"The good of the grace of one soul is greater than the good of the nature of the whole universe"
- St Thomas Aquinas Ia IIa, q.24, a. 3, ad 2

 
REALITY—A Synthesis Of Thomistic Thought

by Reginald Garrigou-Lagrange, O. P.

CH56: REALISM AND FIRST PRINCIPLES

The problem we treat here, that of the fundamental objective foundation of the Thomistic synthesis, merits greatest attention.

The depth of thought in the Middle Ages stands revealed in the importance they gave to the problem of universals. Does the universal idea correspond to reality, or is it a mere concept, or is it, lastly, just a name with a mere conventional meaning? Do our ideas agree with the objective reality of things, or are they mere subjective necessities of human thought and language?

This fundamental problem, which certain superficial minds look on as antiquated, has reappeared, under a new form, in the discussions relative to the question of fixed species, and still more notably in the discussion on absolute evolutionism. The primary reality, the universal principle—is it something absolutely immutable, or is it on the contrary, something identified with universal change, with creative evolution, with a God who evolves in humanity and the world? On this problem traditional realism is radically opposed to subjective conceptualism and to nominalism.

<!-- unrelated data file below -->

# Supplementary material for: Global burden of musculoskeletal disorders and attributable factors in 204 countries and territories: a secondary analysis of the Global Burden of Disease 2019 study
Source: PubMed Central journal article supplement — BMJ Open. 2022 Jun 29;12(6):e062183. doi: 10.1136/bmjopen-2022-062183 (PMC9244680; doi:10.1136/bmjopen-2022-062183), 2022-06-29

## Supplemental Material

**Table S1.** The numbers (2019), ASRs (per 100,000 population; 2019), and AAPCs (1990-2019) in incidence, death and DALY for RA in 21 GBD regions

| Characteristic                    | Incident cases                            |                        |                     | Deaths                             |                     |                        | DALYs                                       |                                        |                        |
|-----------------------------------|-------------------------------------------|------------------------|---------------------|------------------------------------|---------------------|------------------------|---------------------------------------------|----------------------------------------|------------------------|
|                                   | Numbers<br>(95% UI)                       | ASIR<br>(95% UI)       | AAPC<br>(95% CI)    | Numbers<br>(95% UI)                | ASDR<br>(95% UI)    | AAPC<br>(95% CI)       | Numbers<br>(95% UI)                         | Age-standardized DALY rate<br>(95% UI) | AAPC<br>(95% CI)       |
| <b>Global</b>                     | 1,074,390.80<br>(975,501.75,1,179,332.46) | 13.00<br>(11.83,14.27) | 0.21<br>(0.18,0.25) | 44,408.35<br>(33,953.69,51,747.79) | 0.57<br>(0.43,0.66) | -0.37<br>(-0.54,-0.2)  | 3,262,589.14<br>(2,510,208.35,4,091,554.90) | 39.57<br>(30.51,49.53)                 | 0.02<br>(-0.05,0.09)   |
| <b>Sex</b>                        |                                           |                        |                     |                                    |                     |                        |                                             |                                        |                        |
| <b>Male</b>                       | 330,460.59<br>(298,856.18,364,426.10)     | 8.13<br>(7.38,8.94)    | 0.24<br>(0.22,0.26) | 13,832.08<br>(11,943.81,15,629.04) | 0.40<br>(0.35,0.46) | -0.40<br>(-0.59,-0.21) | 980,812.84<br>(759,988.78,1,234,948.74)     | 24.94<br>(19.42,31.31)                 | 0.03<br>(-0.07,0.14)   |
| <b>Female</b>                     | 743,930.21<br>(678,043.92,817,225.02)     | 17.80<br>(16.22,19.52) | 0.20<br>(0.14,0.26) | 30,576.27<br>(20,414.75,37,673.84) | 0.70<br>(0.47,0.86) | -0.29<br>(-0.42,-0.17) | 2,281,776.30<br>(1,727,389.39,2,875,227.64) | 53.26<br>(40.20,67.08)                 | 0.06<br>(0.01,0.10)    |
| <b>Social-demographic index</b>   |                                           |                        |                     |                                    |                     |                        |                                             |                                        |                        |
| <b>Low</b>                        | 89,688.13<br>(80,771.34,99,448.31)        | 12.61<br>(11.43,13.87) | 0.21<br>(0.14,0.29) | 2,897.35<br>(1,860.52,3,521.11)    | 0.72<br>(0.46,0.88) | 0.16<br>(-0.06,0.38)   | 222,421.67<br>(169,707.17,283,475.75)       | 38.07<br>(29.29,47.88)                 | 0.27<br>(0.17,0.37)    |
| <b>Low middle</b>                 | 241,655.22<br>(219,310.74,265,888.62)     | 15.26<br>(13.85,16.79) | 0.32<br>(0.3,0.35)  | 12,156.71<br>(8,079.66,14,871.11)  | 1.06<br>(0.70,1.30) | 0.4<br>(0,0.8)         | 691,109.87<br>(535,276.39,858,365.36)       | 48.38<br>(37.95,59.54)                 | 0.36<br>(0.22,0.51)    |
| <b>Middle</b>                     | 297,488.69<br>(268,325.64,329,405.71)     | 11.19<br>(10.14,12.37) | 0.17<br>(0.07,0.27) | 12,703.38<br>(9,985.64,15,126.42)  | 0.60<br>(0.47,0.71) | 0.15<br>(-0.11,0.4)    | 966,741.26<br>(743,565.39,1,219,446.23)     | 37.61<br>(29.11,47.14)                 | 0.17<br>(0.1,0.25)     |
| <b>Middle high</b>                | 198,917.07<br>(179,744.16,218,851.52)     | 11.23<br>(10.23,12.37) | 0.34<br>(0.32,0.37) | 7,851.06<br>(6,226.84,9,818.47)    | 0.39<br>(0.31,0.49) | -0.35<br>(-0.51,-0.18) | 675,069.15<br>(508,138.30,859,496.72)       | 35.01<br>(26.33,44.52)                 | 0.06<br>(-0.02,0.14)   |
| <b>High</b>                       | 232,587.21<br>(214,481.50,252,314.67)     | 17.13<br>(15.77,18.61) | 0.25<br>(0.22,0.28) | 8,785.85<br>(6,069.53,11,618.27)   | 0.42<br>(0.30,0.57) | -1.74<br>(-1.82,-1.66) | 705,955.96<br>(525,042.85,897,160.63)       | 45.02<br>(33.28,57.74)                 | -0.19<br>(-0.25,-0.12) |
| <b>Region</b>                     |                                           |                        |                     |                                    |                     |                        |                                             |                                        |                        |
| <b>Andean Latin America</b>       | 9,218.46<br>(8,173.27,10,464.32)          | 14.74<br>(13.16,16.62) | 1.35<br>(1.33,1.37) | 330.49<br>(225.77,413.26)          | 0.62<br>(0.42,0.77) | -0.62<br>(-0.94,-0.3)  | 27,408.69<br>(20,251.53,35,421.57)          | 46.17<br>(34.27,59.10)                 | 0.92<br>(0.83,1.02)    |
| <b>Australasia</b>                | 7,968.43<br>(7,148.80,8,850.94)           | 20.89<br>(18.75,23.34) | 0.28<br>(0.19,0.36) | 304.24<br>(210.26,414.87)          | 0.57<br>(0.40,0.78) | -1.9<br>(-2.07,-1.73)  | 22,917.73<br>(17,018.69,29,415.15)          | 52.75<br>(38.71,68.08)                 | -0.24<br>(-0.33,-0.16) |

The importance of this problem of the universal stands out most clearly in its relation to the principle of contradiction. Aristotle sees in this principle the primordial law of being and of thought, Locke sees in it nothing but a solemn futility, and Descartes thinks that God could have created a world where this principle would not be true. These different conceptions arise, it is clear, from different forms of solving the problem of universals. This radical discord at the very roots of human thought vividly illumines the meaning and importance of traditional realism.

Hence we proceed here to recall the essentials of this problem in relation:

a) to the absolute realism of Parmenides.
b) to the absolute nominalism of Heraclitus.